There are a lot of iconic towns here in the Garden State, each with its own allure. Asbury Park has the Boss and New Brunswick’s got the Big Ten. Trenton honors history, while Atlantic City’s all about sand and sin. The Devils are in Newark, the Great Falls in Paterson, and Bedminster lays claim to you-know-who.
But when it comes to having it all, to being a place where young professionals want to be, few places beat Hoboken—which is a real trip for me, because when I grew up there in the 1960s and early ’70s, everyone was intent on leaving.
Sinatra aside, these are boom times for the quirky place where I was born, where both my parents lived their entire lives, and where my grandparents planted the DePalma flag in the New World way back in 1909. But when I visit Hoboken now, I barely recognize the place I once knew as well as my Baltimore Catechism.
The pencil factory where my grandfather got his start is gone. So are the piers where my father worked, and the Italian-ice factory where I earned my first dime (literally, a dime) helping a guy named Tex push his wagon to a park a few blocks away. In place of the city I once knew is a dazzling array of chic condos, high-end restaurants and popular bars. The Hoboken waterfront that was imprisoned behind iron gates when I was a kid is now a stunning urban oasis with a view of the Manhattan skyline that even Manhattanites envy.
With its ferries, buses, light-rail and PATH trains to Manhattan, Hoboken so closely aligns with today’s walkable-suburbs ideal that it may soon be within striking distance of its all-time population high of 70,000—last reached back in 1910, when my grandparents lived in a cold-water flat on Willow Avenue jammed with relatives. Incredibly, a one-bedroom condo on that same crowded block recently sold for $542,000.
The old city is now young, with an average age of 32, which means that none of those people had even been born when the city went through the darkest periods of its long history. It can seem that the whole city has tried to simply forget the sorrowful cycle of destruction, displacement and rebirth that led to the new Hoboken.
But a few residents have recently challenged the city to own up to its past as thoroughly as it embraces its future, in the process opening old wounds and tearing new ones into the fabric of the community as it confronts how Hoboken got to be what it is today.
Here’s what we know: From 1978 to 1983, just as Hoboken’s transformation was taking off, ten suspicious fires left 56 people dead—many of them women and children, many of Puerto Rican and Guyanese descent. In 1992, a sensational film called Delivered Vacant offered a sinister narrative too sensational to pass up, claiming the fires had been set by greedy landlords to push out old tenants and bring in new ones who were younger, richer and whiter. Local newspapers weighed in with sensational headlines like “Hell on 14th St.” after a deadly 1982 fire at the Pinter Hotel in the city’s north end killed 12 people.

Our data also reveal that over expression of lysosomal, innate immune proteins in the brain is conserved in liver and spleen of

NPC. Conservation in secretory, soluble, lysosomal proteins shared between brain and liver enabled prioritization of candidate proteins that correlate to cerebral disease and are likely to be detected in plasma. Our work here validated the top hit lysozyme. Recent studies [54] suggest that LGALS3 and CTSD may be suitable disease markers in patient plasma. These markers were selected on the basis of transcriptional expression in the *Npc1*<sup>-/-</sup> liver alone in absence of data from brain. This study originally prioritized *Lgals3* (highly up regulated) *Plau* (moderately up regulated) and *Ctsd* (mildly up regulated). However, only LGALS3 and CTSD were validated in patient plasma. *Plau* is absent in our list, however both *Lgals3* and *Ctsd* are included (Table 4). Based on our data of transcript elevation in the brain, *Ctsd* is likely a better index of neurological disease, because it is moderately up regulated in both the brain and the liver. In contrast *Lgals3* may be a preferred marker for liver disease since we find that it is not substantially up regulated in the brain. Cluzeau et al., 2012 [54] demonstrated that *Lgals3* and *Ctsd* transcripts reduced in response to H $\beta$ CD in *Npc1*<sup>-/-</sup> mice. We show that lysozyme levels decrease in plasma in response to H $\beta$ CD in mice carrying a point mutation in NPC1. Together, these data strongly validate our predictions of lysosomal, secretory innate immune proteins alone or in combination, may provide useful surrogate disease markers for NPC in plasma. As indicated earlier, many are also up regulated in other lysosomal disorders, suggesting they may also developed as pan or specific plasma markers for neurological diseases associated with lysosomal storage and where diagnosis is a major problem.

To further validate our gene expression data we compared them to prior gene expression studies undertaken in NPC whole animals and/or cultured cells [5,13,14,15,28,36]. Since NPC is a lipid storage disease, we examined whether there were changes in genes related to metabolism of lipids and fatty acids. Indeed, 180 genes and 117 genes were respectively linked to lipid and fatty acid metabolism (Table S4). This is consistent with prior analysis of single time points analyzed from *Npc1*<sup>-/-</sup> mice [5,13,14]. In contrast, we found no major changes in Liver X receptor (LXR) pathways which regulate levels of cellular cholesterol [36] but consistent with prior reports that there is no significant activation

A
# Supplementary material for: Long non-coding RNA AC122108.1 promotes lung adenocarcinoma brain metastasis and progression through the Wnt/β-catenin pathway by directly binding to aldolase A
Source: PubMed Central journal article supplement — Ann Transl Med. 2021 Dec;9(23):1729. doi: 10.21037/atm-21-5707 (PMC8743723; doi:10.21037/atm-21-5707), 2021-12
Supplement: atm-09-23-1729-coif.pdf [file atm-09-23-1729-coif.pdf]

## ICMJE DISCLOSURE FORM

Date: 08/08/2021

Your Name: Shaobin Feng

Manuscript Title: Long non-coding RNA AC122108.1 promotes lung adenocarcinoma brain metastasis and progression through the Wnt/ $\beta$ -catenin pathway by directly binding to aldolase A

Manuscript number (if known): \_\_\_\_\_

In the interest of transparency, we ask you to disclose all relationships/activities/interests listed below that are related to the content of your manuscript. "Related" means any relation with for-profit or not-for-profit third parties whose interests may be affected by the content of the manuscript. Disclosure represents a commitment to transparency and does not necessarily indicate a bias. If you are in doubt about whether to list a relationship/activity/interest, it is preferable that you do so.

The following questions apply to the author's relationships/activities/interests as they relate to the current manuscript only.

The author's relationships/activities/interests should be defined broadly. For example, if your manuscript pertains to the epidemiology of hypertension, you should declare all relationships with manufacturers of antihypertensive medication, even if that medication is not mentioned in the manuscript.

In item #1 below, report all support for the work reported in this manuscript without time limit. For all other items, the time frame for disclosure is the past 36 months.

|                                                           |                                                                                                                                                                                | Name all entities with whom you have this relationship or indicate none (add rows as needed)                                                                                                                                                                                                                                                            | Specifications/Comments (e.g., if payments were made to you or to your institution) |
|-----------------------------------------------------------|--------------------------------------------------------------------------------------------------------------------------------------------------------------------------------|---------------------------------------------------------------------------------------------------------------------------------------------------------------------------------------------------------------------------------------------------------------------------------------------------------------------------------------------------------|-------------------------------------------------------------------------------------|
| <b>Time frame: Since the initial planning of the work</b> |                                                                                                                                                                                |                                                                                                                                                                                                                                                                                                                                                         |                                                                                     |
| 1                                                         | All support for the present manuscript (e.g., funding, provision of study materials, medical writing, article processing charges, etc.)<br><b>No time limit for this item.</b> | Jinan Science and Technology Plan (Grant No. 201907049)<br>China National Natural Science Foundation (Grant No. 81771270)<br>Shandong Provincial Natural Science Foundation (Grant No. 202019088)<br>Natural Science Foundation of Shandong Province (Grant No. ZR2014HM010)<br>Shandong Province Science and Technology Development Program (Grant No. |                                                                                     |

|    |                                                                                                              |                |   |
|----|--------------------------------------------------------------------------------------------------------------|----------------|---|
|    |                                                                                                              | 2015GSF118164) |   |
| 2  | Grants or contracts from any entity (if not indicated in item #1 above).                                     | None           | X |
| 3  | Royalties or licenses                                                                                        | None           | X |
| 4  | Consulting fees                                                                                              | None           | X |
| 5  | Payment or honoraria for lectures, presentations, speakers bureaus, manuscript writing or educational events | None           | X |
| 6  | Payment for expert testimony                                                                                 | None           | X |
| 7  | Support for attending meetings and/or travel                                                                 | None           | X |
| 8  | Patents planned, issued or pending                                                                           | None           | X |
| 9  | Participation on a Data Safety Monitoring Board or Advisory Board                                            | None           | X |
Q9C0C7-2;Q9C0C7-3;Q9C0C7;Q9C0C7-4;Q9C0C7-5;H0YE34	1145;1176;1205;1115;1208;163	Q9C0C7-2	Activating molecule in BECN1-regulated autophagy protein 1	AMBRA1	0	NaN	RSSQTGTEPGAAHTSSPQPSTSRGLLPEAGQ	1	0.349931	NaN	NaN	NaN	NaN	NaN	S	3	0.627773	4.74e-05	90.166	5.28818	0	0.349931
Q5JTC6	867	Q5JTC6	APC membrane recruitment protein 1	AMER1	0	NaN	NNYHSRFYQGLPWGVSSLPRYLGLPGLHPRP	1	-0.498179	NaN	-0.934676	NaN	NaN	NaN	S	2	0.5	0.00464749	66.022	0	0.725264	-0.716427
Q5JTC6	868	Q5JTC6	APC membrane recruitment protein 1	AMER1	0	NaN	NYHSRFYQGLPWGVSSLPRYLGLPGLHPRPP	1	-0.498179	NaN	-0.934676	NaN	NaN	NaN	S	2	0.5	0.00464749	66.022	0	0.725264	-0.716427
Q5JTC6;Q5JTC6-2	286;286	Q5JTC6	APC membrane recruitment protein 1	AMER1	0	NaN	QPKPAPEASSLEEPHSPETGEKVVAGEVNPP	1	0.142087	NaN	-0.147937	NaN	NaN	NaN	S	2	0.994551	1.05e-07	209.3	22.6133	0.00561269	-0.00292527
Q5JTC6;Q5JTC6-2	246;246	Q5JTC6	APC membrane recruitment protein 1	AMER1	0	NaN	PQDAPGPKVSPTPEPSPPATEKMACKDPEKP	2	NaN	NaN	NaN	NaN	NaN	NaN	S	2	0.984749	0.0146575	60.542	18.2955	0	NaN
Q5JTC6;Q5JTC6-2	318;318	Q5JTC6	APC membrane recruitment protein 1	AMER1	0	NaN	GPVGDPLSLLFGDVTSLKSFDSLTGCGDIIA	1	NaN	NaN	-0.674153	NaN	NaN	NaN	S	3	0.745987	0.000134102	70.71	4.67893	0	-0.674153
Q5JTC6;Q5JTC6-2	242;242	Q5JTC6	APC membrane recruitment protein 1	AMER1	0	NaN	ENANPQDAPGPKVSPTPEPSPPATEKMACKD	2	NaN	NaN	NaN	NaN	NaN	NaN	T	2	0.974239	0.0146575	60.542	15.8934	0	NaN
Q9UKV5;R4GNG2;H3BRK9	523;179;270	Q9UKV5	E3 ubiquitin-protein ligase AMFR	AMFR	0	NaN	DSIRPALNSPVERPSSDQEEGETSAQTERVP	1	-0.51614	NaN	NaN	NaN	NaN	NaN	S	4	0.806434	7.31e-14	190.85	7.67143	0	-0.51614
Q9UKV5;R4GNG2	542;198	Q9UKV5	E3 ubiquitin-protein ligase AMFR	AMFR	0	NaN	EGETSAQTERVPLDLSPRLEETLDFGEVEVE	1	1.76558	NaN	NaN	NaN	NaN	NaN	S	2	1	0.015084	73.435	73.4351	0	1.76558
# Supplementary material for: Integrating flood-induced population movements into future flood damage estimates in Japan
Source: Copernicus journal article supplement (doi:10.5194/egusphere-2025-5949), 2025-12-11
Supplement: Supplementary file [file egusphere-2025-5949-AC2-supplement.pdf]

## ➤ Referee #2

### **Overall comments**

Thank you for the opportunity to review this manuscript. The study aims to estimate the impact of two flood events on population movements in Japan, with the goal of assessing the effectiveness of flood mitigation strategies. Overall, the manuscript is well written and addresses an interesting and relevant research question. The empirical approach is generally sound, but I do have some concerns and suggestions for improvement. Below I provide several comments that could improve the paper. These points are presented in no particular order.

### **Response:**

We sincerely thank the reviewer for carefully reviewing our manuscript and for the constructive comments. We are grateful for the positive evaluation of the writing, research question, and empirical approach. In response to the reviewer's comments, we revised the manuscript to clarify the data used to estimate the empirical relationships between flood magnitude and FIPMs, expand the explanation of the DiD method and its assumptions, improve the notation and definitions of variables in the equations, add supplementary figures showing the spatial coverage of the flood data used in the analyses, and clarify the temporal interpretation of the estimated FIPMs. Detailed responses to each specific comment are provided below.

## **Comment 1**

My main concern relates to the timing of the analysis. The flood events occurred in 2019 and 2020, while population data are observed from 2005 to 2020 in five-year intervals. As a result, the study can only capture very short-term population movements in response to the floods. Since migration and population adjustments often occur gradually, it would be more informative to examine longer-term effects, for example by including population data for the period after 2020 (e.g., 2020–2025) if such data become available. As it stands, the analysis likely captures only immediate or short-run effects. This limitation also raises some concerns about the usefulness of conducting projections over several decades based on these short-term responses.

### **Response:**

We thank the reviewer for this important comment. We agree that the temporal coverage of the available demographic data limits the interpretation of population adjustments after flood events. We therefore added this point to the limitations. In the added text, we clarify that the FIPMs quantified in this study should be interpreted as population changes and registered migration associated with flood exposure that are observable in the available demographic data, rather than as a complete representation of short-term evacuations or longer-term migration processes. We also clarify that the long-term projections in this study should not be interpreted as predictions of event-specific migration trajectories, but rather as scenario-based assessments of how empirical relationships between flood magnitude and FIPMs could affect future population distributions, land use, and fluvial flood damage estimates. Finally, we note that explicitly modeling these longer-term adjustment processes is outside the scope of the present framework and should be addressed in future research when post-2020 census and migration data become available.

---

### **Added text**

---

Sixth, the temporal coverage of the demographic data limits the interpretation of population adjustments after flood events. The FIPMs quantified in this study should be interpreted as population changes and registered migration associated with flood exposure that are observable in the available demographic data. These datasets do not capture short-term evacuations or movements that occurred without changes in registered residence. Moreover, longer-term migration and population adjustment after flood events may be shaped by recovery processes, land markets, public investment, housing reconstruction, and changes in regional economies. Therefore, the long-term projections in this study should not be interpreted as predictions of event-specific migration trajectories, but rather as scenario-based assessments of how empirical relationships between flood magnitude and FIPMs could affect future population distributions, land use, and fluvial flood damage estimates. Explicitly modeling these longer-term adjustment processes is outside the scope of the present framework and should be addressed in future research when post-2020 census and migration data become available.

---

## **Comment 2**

That newspaper clipping is one of many included in a multimedia exhibition that runs until the end of the year at the Hoboken Historical Museum, which, since 1986, has lovingly uncovered and preserved a record of what the city and its people were like before gentrification. But it has never addressed gentrification itself until now. With powerful photographs, artifacts and recorded interviews with fire survivors, the exhibition outlines in grim detail a campaign of terror that altered the city forever.
But is it an accurate accounting of what took place?
The guest curator of the exhibit is North Jersey resident Christopher López, a 38-year-old photographer who works in documentary histories. In 2021, quarantined by Covid-19, López was doing internet research for a project. “I had the topic of gentrification on my mind, so I Googled the definition,” he says. Having lived for a time in the Bronx, he was familiar with gentrification in New York. He didn’t know Hoboken well, but he knew the city had changed.
He returned to Google and this time found a provocative academic article in the Journal of American History titled “Hoboken Is Burning: Yuppies, Arson and Displacement in the Postindustrial City.” That led him to newspaper accounts of the fires, but something didn’t seem right. “I became kind of angry about some of the things that I was reading. People casting the blame on tenants, you know, things like kids playing with matches and lovers’ quarrels, things like that,” he says.
The articles quoted the mayor, fire chief, county prosecutor and other officials, laying out theories about how the fires had started, but López didn’t believe any of it, saying, “It’s not a cosmic coincidence that the city is burning and changing at the same time.”